There is nothing to suggest that the applicants, through Mr Simons, lacked any capacity to understand the Tribunal’s relevant orders.  Mr Simons sought to rely on his mental health, but did not provide adequate supporting evidence, although the need for this must have been clear to him.[7]  I do not consider that Mr Simons’ mental health was such that he lacked the capacity to comply with the Tribunal’s directions.  Other matters raised by Mr Simons as to his capacity to comply with the orders have previously been found not to provide an adequate explanation for his non-compliance.[8]
  6. [15]
    It is difficult to conclude that Mr Simons deliberately failed to prepare for the hearing scheduled for 3 March (at least in the sense that he wilfully failed to prepare for the hearing); and that he deliberately failed to give notice that he wanted an adjournment until he had been contacted by the Tribunal’s Registry on 2 March.  Nevertheless, this conduct, and particularly the failure to give earlier notice of the request for an adjournment, represented serious neglect on the part of the applicants of their duties as litigants to advance their case and to act promptly in relation to it, a duty which finds statutory expression in s 45 of the QCAT Act.  The fact that the conduct was not deliberate is not a reason not to exercise the power to make a costs order under s 48(2)(c).
  7. [16]
    Nor is it clear that Mr Simons deliberately failed to cause material to be filed by 15 April.  The applicants obviously knew that they were obliged to comply.  The fact that this failure may not have been deliberate is again of little consequence.
  8. [17]
    The only matter identified in s 102(3) which has been directly raised is whether the conduct of the applicants has unnecessarily disadvantaged the respondent.  Findings have been previously made on this question.  It is nevertheless convenient to refer to other matters identified in the section.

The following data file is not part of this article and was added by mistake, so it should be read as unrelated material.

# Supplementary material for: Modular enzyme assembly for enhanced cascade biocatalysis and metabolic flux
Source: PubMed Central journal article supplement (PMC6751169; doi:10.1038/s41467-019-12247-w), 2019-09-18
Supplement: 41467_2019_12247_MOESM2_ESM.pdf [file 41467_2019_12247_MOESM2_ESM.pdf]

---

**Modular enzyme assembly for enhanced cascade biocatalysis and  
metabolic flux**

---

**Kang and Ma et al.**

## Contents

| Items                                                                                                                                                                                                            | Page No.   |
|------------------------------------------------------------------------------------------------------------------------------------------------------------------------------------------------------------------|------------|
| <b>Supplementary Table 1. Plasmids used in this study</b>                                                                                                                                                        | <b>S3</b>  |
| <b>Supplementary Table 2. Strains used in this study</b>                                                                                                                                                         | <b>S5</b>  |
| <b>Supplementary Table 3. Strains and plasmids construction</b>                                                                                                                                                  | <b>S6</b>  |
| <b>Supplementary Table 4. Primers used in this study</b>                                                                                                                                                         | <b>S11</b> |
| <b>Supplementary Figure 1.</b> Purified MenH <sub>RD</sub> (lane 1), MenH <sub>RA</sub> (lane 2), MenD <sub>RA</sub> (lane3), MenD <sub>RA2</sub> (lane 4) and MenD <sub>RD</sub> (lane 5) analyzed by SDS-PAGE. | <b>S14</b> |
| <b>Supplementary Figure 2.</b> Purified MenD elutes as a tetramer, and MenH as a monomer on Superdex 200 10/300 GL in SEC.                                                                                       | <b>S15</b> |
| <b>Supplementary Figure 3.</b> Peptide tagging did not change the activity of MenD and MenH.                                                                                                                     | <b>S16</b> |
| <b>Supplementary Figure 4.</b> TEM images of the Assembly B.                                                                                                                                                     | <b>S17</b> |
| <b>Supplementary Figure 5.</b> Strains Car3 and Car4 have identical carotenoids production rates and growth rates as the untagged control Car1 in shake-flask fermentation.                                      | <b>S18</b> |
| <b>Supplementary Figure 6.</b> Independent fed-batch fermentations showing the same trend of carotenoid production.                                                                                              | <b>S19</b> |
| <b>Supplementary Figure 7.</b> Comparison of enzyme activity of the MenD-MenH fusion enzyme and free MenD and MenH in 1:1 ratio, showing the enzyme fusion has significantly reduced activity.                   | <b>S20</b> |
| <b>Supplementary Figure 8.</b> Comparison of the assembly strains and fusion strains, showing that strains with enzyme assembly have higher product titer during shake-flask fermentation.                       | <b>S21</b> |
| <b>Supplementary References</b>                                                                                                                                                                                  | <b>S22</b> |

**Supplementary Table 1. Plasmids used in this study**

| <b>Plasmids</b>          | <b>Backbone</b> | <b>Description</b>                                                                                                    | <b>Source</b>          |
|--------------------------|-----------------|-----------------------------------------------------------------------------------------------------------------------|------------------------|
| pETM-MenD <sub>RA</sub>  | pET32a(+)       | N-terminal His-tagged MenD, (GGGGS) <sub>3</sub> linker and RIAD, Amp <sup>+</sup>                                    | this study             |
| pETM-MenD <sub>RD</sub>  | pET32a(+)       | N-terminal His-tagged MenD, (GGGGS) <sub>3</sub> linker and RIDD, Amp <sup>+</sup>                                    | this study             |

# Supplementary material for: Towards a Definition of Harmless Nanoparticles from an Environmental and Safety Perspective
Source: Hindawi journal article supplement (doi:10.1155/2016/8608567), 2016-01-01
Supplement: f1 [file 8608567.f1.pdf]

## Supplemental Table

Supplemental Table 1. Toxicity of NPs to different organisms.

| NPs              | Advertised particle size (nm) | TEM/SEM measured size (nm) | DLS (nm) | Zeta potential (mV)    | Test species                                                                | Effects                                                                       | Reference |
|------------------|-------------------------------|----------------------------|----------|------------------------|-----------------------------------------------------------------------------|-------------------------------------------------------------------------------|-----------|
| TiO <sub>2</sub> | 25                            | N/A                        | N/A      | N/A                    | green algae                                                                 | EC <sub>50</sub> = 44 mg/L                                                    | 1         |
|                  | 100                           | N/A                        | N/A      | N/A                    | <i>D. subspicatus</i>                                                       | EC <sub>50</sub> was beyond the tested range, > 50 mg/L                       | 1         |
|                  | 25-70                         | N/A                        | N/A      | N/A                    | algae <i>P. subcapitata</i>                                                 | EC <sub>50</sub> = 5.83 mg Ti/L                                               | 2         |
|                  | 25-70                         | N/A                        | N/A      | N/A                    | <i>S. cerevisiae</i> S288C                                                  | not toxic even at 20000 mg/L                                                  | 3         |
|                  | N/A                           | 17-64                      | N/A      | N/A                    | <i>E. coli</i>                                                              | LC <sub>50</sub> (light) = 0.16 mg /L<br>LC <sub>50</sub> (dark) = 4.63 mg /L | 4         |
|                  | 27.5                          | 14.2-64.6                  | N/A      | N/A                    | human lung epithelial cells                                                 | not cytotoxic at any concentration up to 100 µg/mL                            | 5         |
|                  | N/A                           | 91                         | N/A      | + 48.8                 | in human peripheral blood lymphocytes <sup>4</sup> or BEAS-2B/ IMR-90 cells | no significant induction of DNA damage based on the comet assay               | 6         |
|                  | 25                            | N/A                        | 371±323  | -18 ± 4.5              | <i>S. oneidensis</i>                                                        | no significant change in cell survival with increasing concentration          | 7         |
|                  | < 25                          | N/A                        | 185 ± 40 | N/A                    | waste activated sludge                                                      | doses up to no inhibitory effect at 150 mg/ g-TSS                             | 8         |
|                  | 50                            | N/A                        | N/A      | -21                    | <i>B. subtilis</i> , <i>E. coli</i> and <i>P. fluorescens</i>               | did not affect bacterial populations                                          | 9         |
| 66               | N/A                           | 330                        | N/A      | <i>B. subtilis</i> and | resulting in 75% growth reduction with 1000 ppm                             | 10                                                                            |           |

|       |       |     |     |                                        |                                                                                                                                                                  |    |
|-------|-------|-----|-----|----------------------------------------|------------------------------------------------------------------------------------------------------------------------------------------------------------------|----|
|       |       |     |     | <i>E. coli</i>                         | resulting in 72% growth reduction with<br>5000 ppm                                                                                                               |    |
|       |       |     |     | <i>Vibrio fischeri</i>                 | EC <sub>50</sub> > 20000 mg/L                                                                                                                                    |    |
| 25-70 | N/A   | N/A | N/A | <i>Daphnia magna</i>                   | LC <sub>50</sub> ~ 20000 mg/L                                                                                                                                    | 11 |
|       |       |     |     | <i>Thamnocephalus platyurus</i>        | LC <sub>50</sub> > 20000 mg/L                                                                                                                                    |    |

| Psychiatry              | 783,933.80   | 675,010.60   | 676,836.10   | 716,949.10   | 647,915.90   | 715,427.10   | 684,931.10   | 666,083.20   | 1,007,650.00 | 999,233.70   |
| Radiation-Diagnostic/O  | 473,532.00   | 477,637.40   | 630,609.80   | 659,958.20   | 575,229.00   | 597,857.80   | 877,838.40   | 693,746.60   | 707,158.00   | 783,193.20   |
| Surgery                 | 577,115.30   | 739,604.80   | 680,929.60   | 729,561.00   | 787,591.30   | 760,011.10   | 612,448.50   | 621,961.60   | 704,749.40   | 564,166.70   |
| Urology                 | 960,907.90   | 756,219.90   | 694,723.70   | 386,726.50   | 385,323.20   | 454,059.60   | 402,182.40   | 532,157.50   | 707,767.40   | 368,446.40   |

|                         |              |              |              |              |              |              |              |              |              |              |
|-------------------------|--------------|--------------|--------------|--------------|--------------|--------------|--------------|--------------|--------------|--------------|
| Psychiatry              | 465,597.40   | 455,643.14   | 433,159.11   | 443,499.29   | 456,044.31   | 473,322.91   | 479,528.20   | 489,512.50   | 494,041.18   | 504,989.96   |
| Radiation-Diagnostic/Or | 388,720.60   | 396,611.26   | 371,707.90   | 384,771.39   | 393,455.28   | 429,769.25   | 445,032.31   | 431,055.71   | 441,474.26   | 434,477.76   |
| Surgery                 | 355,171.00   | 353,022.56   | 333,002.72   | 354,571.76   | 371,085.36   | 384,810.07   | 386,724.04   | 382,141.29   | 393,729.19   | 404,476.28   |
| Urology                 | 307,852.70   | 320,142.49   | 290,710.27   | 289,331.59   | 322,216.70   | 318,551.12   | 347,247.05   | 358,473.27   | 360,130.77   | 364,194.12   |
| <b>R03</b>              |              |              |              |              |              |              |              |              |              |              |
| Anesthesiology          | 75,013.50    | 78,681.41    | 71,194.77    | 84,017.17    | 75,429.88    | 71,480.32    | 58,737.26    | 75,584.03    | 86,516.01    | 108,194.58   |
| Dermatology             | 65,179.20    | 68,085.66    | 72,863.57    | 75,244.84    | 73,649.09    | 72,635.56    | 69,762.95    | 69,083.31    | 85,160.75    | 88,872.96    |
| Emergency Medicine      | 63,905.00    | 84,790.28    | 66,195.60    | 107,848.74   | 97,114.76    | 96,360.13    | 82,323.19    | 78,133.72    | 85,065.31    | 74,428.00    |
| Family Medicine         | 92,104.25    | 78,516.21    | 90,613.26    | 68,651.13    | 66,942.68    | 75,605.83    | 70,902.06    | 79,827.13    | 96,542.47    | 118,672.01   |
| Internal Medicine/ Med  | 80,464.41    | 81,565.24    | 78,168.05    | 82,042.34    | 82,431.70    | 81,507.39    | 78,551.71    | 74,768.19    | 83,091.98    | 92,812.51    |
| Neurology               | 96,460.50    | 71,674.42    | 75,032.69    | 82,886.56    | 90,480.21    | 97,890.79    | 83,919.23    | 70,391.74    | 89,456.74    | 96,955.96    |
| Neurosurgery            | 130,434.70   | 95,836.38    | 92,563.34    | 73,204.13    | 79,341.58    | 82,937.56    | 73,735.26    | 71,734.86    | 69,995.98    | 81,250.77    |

9. [18]
    The nature and complexity of the dispute between the parties has no bearing on the question whether the costs orders sought by the respondent should be made.  The grounds on which they are sought are unrelated to the underlying dispute between the parties.  The same is true of the relative strengths of the claims made by each party in the proceedings.  There is no evidence of the financial circumstances of the relevant parties, and it is not possible to take this into account.
  10. [19]
    The primary question raised by s 102 is whether the interests of justice require the making of a costs order in favour of the respondent against the applicants, having regard to the matters identified in s 102(3).  Of particular relevance in the present case is whether the applicants have acted in a way that has unnecessarily disadvantaged the respondent.
  11. [20]
    The submissions of the respondent rely on a number of findings to that effect in the reasons delivered on 24 September 2020.  These are obviously matters to which the Tribunal may have regard in determining whether the interests of justice require the making of a costs order.
  12. [21]
    The other matters relied upon by the respondent were findings in those reasons that the applicants had, amongst other things, unnecessarily delayed the determination of their application; that their conduct had left the respondent in a position where it had to prepare for hearings which were adjourned; that the applicants had been indifferent to the need to comply with directions; and that at the time of the hearing on 10 August, they had not completed the preparation of their case.  There is some overlap between some of these considerations, and the question whether the applicants have acted in a way that unnecessarily disadvantaged the respondent.  Nevertheless, these are matters which should be considered relevant under s 102(3)(f).  They give some additional colour to the circumstances in which the respondent has been caused unnecessary disadvantage by the conduct of the applicants.